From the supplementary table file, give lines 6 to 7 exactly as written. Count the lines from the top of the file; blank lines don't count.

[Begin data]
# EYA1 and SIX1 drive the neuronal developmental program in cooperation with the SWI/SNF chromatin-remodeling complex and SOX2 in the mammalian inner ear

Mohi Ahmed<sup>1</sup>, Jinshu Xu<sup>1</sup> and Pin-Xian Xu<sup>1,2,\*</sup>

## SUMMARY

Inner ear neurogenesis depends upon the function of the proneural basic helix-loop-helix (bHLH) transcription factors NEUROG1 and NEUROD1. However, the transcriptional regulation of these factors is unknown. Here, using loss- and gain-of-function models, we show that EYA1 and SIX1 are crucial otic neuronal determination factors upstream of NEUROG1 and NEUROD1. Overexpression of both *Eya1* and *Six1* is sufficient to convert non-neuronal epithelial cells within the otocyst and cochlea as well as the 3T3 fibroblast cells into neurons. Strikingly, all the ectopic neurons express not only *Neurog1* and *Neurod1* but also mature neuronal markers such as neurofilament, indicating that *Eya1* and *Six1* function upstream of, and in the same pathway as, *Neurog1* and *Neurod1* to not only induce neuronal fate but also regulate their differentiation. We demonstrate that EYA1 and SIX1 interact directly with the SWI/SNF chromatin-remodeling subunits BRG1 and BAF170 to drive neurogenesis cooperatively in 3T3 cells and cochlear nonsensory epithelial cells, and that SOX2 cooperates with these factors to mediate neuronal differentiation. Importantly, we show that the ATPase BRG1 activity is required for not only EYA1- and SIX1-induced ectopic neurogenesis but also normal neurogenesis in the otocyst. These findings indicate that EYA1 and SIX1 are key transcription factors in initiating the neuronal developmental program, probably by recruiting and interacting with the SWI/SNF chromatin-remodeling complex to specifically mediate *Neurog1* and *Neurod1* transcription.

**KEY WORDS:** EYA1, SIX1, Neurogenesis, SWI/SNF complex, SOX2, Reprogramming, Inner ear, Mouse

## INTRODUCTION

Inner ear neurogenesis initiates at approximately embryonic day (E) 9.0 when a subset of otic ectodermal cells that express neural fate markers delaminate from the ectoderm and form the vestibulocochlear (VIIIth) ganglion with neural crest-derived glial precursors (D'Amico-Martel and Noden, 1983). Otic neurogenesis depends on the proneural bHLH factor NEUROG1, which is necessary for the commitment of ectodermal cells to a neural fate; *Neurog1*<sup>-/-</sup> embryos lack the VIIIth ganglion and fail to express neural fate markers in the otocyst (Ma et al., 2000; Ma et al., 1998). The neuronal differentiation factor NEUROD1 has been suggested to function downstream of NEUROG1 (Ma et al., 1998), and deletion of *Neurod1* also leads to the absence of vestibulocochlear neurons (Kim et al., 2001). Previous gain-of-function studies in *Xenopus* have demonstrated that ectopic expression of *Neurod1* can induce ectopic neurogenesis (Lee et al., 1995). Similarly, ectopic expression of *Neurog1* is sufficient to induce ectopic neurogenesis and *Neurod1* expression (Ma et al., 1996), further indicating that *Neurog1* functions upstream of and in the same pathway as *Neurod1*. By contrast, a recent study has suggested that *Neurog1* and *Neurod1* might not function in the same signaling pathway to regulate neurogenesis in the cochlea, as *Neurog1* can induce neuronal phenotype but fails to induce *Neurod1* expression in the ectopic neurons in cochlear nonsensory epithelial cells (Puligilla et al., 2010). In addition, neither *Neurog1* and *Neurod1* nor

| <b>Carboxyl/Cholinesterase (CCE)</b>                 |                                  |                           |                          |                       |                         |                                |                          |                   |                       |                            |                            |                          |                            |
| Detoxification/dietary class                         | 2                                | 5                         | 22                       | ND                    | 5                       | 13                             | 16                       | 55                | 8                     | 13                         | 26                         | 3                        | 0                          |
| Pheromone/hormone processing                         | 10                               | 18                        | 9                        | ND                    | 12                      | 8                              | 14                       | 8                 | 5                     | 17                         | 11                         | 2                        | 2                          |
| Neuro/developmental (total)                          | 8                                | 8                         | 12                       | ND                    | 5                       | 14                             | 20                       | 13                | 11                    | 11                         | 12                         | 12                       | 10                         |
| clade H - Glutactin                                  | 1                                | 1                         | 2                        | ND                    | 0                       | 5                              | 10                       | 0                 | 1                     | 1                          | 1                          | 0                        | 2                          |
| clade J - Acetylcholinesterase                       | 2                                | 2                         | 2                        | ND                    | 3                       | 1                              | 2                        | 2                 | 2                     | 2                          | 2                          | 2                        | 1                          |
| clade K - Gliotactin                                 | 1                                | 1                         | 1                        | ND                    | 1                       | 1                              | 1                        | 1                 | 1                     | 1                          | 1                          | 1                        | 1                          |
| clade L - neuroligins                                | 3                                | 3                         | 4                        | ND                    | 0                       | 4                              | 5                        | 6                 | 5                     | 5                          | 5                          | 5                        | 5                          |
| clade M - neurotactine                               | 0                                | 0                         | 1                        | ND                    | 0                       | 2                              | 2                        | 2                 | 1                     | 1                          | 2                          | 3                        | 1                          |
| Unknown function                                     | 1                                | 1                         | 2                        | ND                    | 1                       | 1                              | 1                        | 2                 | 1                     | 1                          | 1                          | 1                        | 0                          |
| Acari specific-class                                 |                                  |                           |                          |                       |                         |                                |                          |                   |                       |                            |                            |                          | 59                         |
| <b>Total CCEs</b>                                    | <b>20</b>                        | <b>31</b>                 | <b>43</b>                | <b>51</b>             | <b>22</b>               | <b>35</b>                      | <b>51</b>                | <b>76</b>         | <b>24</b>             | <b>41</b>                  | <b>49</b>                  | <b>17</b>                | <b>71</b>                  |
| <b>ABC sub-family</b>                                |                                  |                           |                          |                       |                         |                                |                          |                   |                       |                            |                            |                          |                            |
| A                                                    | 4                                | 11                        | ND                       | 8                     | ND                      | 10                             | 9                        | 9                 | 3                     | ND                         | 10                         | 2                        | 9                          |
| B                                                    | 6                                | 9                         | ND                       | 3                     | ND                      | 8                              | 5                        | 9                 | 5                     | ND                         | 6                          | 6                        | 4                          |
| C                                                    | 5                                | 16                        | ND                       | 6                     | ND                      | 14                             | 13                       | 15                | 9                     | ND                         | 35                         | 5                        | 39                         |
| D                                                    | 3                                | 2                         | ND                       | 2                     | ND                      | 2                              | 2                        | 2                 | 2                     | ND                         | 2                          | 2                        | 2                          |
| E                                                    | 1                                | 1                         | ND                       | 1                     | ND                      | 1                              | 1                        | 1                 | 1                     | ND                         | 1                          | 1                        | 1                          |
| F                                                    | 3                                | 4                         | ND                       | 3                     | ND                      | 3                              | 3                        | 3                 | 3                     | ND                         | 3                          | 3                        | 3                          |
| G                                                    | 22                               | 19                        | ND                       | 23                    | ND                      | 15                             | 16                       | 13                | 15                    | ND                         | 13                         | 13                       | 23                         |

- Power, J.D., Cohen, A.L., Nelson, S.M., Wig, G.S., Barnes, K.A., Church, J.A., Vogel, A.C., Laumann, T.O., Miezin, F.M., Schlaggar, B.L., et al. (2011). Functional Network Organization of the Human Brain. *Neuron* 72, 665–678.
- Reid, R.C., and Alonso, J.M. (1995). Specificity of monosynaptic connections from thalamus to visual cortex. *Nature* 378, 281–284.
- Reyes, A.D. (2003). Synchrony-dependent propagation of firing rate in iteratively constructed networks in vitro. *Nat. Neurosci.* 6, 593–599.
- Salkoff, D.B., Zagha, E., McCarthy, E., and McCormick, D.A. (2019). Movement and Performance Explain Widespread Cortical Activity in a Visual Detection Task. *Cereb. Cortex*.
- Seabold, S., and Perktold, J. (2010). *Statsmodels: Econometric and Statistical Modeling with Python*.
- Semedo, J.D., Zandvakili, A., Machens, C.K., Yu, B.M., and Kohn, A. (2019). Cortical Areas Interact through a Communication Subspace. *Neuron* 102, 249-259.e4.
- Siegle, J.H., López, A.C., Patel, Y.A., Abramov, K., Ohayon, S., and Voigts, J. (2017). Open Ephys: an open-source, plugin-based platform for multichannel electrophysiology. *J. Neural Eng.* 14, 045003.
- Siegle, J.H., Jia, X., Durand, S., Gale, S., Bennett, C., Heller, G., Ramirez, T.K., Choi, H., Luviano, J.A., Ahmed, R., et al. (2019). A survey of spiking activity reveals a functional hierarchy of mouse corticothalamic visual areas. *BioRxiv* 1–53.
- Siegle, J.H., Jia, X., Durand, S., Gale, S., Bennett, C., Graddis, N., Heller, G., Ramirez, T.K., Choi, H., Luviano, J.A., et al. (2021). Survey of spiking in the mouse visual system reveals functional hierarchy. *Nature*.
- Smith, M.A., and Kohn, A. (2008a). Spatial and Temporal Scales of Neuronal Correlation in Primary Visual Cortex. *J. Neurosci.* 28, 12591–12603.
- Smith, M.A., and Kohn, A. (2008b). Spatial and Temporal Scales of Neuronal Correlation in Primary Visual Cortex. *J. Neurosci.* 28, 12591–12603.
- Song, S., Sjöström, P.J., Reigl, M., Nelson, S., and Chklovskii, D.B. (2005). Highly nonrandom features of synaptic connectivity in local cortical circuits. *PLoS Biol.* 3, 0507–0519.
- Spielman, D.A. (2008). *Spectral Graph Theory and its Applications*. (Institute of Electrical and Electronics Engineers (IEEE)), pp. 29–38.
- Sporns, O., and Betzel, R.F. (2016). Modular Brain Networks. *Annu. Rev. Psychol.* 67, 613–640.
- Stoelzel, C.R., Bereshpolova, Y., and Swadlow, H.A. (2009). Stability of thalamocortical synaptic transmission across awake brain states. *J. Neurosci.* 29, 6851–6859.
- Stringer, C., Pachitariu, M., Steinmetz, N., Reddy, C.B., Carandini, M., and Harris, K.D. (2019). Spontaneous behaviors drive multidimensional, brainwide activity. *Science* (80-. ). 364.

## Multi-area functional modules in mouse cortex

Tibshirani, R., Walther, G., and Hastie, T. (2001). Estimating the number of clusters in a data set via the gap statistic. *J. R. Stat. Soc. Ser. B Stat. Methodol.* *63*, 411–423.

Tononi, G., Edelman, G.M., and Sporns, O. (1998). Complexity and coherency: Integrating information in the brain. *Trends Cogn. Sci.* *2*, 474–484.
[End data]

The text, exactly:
## INTRODUCTION

Inner ear neurogenesis initiates at approximately embryonic day (E) 9.0 when a subset of otic ectodermal cells that express neural fate markers delaminate from the ectoderm and form the vestibulocochlear (VIIIth) ganglion with neural crest-derived glial precursors (D'Amico-Martel and Noden, 1983). Otic neurogenesis depends on the proneural bHLH factor NEUROG1, which is necessary for the commitment of ectodermal cells to a neural fate; *Neurog1*<sup>-/-</sup> embryos lack the VIIIth ganglion and fail to express neural fate markers in the otocyst (Ma et al., 2000; Ma et al., 1998). The neuronal differentiation factor NEUROD1 has been suggested to function downstream of NEUROG1 (Ma et al., 1998), and deletion of *Neurod1* also leads to the absence of vestibulocochlear neurons (Kim et al., 2001). Previous gain-of-function studies in *Xenopus* have demonstrated that ectopic expression of *Neurod1* can induce ectopic neurogenesis (Lee et al., 1995). Similarly, ectopic expression of *Neurog1* is sufficient to induce ectopic neurogenesis and *Neurod1* expression (Ma et al., 1996), further indicating that *Neurog1* functions upstream of and in the same pathway as *Neurod1*. By contrast, a recent study has suggested that *Neurog1* and *Neurod1* might not function in the same signaling pathway to regulate neurogenesis in the cochlea, as *Neurog1* can induce neuronal phenotype but fails to induce *Neurod1* expression in the ectopic neurons in cochlear nonsensory epithelial cells (Puligilla et al., 2010). In addition, neither *Neurog1* and *Neurod1* nor